Since my second viewing of the film, ANNIHILATION, I have been musing on my own sci-fi writing, thinking about how difficult it is to portray non-humanoid aliens in a novel, even more so on the screen or stage. The audience may not ponder this, but sci-fi authors grapple with the problem every time they sit down to write.
If you do a google image search of Star Trek aliens, you’ll see what I’m talking about. Scroll down and down and down to view many colors of skin, odd make up and costumes, but most of the images you see will be faces that look a lot like human faces. In particular, those aliens that become super villains are almost always humanoid…Klingons, for example. Why do Star Trek writers/producers seem to prefer the humanoid alien?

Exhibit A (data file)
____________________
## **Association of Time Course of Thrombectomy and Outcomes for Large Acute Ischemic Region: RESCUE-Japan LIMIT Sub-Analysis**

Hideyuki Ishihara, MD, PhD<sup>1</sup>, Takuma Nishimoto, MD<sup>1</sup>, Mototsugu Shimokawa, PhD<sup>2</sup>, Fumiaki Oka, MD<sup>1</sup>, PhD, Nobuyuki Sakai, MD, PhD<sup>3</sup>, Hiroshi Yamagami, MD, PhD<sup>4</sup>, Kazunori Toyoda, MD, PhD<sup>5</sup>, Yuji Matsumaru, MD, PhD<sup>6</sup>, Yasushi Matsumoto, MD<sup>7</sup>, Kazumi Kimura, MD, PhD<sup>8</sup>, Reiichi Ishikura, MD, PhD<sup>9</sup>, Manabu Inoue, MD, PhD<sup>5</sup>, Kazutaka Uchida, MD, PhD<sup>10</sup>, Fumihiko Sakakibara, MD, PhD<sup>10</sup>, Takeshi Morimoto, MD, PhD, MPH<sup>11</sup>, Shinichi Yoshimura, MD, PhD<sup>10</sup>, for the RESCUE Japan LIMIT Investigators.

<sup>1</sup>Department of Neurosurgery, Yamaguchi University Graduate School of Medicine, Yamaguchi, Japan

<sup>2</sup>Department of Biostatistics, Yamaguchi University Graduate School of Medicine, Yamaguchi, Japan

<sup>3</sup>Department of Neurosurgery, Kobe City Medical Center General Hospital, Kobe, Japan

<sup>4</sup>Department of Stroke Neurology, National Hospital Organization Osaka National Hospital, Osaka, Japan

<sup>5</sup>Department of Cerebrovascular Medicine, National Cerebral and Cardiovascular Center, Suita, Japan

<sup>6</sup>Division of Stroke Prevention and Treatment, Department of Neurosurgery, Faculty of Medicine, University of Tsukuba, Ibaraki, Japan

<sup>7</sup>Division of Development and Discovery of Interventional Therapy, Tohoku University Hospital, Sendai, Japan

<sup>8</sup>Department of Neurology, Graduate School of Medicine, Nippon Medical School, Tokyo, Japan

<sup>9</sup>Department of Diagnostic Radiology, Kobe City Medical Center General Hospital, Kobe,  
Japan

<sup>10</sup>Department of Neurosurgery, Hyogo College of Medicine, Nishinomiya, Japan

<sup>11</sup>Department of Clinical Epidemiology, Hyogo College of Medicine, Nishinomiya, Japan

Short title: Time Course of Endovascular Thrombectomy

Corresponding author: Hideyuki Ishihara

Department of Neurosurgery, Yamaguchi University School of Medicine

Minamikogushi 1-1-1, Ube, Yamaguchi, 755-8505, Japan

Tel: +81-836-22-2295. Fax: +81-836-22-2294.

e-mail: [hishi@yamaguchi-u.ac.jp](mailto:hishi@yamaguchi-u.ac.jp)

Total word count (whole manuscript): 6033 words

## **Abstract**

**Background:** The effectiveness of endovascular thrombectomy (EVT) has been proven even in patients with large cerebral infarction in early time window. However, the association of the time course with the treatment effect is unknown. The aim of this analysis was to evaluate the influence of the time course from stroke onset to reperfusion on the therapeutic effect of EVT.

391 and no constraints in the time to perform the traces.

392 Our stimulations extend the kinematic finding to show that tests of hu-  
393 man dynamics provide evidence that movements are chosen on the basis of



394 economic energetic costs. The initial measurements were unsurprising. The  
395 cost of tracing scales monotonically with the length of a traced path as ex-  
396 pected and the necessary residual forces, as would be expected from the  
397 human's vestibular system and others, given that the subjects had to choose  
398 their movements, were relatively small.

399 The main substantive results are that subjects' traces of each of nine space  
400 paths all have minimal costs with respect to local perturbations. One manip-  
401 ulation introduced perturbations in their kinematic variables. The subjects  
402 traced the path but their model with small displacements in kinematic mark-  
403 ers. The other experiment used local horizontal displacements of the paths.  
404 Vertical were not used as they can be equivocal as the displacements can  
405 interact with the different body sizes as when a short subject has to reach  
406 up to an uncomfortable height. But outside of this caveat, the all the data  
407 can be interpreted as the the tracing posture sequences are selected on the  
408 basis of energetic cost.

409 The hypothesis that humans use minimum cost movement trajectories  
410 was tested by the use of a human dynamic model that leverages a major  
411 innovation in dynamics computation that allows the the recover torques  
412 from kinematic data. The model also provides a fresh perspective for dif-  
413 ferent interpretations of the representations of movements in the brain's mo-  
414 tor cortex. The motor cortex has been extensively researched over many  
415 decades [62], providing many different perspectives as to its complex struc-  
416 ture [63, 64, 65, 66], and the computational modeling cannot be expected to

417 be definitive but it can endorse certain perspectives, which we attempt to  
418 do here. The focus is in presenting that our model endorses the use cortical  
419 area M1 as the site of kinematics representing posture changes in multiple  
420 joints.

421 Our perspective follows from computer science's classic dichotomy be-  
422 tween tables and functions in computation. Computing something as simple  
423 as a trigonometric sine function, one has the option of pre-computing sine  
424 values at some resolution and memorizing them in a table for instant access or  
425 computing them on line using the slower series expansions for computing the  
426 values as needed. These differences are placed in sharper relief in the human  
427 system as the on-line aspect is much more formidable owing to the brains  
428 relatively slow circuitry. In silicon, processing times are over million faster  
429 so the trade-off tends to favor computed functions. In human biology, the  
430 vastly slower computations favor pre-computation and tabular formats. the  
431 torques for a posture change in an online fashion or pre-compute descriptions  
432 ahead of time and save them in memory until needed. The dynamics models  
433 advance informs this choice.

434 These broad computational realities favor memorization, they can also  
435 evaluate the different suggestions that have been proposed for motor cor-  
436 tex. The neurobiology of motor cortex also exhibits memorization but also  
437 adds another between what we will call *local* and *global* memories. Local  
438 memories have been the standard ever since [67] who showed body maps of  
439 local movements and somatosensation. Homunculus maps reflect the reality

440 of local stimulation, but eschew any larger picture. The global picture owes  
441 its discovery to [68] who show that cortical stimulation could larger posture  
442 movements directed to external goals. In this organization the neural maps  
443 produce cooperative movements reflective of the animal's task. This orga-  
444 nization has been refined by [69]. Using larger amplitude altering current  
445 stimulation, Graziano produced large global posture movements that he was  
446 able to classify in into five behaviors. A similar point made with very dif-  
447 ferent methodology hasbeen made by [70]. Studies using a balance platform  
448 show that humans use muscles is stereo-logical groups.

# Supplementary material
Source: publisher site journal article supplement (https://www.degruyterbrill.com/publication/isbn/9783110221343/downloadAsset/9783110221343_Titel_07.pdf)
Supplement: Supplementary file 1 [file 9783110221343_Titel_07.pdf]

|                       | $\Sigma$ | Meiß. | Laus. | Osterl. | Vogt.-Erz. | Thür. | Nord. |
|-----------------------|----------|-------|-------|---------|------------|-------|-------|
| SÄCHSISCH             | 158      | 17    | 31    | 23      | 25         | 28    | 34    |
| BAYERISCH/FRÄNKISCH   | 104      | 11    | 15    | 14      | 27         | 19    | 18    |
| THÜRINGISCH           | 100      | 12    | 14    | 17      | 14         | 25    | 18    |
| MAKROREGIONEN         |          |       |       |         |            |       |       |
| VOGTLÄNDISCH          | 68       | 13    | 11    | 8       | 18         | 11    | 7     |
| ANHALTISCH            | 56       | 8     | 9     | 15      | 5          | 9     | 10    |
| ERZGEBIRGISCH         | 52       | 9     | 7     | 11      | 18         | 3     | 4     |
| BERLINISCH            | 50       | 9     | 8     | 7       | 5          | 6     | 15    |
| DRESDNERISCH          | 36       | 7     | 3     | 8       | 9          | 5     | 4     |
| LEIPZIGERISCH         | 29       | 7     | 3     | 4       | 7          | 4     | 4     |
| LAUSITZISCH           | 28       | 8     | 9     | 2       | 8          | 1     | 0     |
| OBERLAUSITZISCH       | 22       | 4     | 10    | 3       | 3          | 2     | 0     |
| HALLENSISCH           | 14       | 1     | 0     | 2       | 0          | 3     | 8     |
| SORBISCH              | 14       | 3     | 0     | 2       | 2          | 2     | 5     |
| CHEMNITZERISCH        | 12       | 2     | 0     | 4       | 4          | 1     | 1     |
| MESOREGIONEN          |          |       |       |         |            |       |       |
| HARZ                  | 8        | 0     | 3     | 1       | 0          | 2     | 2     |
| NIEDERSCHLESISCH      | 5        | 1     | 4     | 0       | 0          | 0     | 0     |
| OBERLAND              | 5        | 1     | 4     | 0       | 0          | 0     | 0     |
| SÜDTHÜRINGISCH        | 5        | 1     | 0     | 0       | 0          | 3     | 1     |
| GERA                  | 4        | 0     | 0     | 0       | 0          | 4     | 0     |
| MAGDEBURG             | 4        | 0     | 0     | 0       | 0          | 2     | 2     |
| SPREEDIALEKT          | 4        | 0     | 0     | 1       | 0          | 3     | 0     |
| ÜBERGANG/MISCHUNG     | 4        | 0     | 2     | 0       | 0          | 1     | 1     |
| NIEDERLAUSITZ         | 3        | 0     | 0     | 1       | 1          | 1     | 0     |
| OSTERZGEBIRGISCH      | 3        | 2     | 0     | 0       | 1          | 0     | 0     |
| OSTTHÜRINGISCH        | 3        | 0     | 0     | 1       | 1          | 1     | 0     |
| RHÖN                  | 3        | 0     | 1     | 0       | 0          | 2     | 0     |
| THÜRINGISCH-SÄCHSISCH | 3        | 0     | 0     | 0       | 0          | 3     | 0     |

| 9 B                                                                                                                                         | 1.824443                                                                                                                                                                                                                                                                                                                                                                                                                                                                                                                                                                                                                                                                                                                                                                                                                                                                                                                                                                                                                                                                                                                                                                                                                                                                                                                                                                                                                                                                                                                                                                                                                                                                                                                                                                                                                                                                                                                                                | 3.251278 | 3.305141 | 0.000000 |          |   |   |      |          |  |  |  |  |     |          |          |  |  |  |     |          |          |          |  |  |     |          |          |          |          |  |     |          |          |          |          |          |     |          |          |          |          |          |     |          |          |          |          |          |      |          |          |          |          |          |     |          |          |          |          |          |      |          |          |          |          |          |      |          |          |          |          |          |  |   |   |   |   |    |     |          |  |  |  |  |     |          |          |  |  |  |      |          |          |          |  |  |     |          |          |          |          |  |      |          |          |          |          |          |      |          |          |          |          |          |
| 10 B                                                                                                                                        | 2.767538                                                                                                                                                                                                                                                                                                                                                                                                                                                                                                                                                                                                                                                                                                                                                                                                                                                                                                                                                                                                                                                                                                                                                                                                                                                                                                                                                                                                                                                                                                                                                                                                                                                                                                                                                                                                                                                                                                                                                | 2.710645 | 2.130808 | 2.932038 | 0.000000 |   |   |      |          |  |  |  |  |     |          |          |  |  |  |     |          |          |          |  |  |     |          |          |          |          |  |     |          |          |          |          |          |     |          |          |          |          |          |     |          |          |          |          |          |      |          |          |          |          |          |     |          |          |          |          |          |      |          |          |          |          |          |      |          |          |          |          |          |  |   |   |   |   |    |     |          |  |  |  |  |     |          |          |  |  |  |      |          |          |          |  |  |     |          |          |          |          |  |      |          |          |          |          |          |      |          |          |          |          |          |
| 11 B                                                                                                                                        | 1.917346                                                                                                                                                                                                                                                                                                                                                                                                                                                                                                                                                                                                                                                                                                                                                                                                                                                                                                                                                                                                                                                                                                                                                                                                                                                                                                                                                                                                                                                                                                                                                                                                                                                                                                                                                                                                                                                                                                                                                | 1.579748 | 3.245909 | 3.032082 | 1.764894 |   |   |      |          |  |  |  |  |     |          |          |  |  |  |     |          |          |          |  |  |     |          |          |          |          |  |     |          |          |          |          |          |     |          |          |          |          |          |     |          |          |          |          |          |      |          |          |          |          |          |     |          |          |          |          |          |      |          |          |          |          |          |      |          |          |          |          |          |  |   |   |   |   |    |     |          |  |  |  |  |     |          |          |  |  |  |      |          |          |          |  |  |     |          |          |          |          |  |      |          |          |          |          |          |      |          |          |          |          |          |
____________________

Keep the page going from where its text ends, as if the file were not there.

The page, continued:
One theory emerges…
When telling stories, facial expressions and body language hold meaning. When my editor asks me to show and not tell in my story, I rely on movement, posture, actions as well as dialogue to show character. So, if my alien is a purple blob that does not speak human language and is flying a space vessel into lower Earth orbit for the first time and feels anxious, how do I show the reader its anxiety? My editor will scold me if I write: The blob creature was anxious as it flew into low Earth orbit? This is an example of telling and not showing. Substandard writing. She wants better and I pay her for that advice…so how does a writer manage? Maybe I decide the blob alien doesn’t have any feelings. It’s machinelike. I don’t need to show anything beyond the flying. That option is backed up by the way human beings often view the other, whether alien or human. That’s how people objectify the other.
It/he or she feels nothing = I feel no connection = I don’t relate = I can despise it, him, her.